Wednesday, July 20, 2011

The Legend of Lobo - 1962

After the True-Life Adventure series ended, Walt Disney continued to make animal films that had a script instead of "letting nature tell the story." This film is based on a collection of stories by Ernest Thompson Seton, one of the founding members of the Boy Scouts of America. Similar to Niki, Wild Dog of the North, a narrator is used to explain the action on screen.

The film was shot entirely on location in Sedona, AZ. James Algar, animation director turned live action producer for most of Disney's nature films, co-wrote and co-directed this film. The other writer, Dwight Hauser, had previously worked for the studio as a writer on the People & Places and True-Life Adventure films. The other director, Jack Couffer, had a very similar background directing many of the True-Life Adventure films. Disney legend Rex Allen provides the narration, with help from the singing group The Sons of the Pioneer. They wrote most of the songs in the film, except for the title song which was done by the Sherman Brothers. This was Rex's first narration of many Disney films.

The opening credits play against footage of a wolf running. As many wolves begin to howl, Rex Allen starts to sing "The Legend of Lobo" as we learn that Lobo is a wanted wolf who is a menace to the citizens nearby. The story is told in flashback as we are introduced to young Lobo and his family. His father, Elfaro, has a hard time hunting because they live in somewhat of a wasteland. When Elfaro decides to relocate the family after seeing hunters in the area, Lobo gets lost and has to fend for himself. He is reunited with his family when confronted by a rattle snake. Lobo's mother gets killed by hunters and Alfaro ends up in a hunter's trap. Lobo stays with him to keep watch, but has to leave when the hunters return to the scene. He joins another pack and finds a mate, but the pack leader doesn't approve so the two wolves leave the pack. They make a home out of an old Indian dwelling. Shortly after, his mate has puppies. Lobo angers the cattle men because he almost exclusively hunts their cattle. This prompts wanted posters to be put up with reward money for his capture. Lobo's mate ends up in a hunters trap and is used as bait to catch him. Lobo is able to free her and his new family ventures off in search of a new home.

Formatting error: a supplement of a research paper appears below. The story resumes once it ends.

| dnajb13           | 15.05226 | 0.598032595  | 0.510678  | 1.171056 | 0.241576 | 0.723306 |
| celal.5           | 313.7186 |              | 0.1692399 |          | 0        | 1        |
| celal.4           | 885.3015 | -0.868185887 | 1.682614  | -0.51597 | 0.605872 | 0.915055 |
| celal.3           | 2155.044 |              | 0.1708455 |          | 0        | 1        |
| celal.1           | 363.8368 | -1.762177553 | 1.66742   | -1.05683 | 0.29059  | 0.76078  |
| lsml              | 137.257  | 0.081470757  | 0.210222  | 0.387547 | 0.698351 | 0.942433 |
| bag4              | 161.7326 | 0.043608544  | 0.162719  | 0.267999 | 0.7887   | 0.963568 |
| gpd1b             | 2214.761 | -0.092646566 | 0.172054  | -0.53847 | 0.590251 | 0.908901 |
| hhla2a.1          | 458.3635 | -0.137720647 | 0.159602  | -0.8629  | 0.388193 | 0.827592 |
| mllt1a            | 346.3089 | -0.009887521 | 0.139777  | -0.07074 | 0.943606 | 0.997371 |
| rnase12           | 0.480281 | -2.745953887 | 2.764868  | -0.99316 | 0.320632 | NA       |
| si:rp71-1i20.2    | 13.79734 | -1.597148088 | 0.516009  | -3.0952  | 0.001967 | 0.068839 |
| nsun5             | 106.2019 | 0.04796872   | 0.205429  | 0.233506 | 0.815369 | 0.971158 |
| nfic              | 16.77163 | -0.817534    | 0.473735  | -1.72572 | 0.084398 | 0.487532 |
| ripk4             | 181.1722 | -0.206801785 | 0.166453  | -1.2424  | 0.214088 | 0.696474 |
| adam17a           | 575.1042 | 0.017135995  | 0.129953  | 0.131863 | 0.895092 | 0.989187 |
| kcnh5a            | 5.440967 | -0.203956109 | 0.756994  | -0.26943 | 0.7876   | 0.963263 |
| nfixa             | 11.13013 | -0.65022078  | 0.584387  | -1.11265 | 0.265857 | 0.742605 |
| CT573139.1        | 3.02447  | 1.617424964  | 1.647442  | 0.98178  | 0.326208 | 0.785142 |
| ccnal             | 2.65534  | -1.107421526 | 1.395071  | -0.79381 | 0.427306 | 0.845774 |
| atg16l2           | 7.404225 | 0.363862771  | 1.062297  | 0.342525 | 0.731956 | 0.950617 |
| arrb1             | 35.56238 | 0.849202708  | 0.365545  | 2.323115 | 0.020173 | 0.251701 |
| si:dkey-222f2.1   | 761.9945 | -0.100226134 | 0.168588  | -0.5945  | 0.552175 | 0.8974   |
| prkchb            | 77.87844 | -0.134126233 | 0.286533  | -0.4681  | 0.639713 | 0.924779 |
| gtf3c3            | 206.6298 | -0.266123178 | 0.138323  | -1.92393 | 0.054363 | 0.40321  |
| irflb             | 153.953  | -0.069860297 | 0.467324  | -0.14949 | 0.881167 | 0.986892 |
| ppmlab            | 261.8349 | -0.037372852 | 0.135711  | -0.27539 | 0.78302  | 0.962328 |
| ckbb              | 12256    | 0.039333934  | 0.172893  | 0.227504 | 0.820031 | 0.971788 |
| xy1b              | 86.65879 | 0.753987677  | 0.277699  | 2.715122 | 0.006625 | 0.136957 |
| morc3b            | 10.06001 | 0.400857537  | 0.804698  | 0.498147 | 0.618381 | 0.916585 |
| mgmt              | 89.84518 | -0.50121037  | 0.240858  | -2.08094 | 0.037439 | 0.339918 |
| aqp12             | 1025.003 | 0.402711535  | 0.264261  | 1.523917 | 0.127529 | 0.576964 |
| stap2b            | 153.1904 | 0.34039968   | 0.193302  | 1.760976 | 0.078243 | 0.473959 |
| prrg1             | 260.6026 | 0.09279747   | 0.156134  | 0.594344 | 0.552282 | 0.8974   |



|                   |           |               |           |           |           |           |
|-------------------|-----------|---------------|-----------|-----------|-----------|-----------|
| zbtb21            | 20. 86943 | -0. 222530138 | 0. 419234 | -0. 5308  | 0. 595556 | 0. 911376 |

The Legend of Lobo was released on November 7th, 1962. Critics generally felt that while the narration was outstanding, the visuals on the screen didn't match the excitement. I was unable to find box office financial data for this film, but I'm assuming it made money since this format didn't stop here. Possibly due to its run time (too short to be split into two episodes, too long to be just one), it was never aired as part of the Disney Sunday night program. It made its home video debut in 1985.

I never got to experience this film as a kid, but if I did I probably wouldn't have sat through the whole thing. While the beginning is fairly adorable when Lobo is a puppy and there is quite a bit of excitement towards the end, the middle gets very slow and it can easily lose any viewers attention. I disagree with the critics about the action on screen not representing the narrative. I thought it was well filmed and several scenes were expertly done. In general, I'm not a big fan of narrated animal movies and Disney certainly did a better job with its previous effort, Nikki, Wild Dog of the North. Of the two films, that is the one I would personally recommend.

The Legend of Lobo is currently available on DVD as a Disney Movie Club Exclusive. The film is presented in fullscreen, although it was originally shown in a widescreen aspect ratio, most likely 1.75:1 (Disney's most common ratio for this era). There appears to have been a minor restoration and the film looks pretty good. There are no bonus features. It is also available on iTunes where it is also presented in fullscreen, but with the option of buying in HD.

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